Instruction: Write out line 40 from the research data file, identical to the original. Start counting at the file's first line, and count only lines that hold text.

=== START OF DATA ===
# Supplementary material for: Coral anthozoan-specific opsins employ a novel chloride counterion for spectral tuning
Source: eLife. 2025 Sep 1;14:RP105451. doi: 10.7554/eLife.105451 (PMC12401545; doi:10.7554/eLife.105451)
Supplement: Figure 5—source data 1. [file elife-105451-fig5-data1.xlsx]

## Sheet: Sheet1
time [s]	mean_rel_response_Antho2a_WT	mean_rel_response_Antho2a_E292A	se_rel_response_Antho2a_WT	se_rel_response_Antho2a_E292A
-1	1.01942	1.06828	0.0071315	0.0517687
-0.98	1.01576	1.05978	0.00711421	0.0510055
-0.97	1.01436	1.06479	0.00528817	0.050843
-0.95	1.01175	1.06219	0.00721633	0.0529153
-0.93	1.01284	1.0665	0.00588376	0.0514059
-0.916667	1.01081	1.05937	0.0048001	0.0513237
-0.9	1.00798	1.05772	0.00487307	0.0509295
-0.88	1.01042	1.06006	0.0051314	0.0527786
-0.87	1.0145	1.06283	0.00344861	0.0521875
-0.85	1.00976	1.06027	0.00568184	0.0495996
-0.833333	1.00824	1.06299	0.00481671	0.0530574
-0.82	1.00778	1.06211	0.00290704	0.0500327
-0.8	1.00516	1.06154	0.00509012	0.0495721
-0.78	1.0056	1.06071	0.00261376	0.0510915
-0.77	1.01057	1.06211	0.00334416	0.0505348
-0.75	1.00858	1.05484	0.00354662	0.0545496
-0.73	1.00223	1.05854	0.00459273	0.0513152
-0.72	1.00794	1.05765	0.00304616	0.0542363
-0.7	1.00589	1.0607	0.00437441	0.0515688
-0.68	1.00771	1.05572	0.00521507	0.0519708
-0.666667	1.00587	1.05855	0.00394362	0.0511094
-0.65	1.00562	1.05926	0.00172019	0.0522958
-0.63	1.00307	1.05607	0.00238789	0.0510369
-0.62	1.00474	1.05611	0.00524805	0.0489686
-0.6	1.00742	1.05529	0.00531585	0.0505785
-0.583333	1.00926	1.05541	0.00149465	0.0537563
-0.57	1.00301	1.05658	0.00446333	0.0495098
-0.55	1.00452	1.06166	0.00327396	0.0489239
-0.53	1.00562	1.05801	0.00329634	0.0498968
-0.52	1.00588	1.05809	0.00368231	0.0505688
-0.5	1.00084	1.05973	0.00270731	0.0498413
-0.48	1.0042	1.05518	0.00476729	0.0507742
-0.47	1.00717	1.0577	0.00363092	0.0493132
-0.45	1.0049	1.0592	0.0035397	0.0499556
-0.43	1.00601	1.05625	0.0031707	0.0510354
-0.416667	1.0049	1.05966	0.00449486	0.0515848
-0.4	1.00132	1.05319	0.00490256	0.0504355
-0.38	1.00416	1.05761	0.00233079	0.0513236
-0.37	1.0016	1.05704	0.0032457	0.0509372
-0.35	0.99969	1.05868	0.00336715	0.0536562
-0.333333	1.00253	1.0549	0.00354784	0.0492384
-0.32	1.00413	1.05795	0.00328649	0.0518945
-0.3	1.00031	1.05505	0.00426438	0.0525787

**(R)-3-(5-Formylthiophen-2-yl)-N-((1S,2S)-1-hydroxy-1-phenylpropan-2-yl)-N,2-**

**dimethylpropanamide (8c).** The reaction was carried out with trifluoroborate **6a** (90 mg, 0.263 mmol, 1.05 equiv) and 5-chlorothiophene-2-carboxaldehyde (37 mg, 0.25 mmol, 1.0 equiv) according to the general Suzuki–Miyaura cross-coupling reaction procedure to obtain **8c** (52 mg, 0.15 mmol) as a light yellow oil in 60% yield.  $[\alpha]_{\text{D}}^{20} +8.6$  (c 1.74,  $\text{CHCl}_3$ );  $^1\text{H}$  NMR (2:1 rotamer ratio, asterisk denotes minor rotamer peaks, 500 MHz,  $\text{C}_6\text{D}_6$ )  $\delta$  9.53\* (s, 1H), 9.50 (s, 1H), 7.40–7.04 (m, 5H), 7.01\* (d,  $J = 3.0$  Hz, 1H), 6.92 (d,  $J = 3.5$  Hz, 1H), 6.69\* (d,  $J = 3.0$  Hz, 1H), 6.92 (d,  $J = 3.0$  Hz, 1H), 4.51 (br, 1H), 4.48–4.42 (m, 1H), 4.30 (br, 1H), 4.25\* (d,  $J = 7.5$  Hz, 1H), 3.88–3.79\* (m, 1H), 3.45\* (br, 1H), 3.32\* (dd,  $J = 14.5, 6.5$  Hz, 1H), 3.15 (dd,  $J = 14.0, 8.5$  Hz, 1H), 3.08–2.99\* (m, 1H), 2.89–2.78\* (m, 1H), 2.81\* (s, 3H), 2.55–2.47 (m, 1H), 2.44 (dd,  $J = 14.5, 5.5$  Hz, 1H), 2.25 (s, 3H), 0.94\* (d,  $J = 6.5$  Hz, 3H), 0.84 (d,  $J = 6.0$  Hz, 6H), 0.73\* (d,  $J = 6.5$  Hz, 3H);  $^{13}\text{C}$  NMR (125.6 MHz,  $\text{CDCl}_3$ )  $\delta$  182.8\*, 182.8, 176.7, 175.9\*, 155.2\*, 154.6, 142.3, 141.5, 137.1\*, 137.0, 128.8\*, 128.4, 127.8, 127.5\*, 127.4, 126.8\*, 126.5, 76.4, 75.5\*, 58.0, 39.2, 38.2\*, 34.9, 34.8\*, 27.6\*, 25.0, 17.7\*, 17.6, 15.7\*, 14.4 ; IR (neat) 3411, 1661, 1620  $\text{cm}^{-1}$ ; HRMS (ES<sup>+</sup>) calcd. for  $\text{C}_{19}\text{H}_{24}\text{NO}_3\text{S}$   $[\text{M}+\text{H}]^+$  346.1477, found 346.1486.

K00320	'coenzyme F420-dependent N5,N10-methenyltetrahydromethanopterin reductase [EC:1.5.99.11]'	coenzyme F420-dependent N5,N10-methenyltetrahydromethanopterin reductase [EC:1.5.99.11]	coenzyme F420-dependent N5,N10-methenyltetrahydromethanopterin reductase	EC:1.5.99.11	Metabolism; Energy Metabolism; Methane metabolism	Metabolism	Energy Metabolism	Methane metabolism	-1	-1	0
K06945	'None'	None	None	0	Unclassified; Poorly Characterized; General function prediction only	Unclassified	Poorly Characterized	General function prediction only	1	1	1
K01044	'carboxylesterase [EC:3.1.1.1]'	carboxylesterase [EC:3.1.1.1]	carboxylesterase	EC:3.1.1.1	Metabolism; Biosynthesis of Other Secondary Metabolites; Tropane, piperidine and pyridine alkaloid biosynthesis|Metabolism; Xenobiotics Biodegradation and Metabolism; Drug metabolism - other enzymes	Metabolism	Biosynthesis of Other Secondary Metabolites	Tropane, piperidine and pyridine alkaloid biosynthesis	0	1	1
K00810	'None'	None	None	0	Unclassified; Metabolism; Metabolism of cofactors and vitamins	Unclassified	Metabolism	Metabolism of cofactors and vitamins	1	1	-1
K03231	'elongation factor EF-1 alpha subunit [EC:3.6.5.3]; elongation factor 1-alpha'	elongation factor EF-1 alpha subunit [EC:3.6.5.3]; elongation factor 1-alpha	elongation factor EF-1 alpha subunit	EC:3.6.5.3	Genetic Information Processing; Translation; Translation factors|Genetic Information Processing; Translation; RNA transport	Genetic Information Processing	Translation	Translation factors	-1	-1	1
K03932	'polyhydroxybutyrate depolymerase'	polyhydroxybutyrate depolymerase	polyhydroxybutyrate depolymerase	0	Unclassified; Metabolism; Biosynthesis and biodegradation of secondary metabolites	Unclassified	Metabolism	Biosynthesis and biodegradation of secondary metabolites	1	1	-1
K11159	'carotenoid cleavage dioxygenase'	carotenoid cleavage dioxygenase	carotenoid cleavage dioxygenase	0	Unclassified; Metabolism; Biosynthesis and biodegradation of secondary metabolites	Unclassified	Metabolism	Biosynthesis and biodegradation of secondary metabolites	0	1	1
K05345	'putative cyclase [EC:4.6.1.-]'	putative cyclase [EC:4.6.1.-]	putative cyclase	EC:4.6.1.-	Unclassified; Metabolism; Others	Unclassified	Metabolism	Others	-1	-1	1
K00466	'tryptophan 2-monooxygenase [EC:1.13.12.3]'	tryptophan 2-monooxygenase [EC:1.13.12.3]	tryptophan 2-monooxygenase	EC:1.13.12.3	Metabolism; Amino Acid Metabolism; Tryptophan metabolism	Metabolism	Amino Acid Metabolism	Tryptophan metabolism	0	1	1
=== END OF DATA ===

-0.43	1.00601	1.05625	0.0031707	0.0510354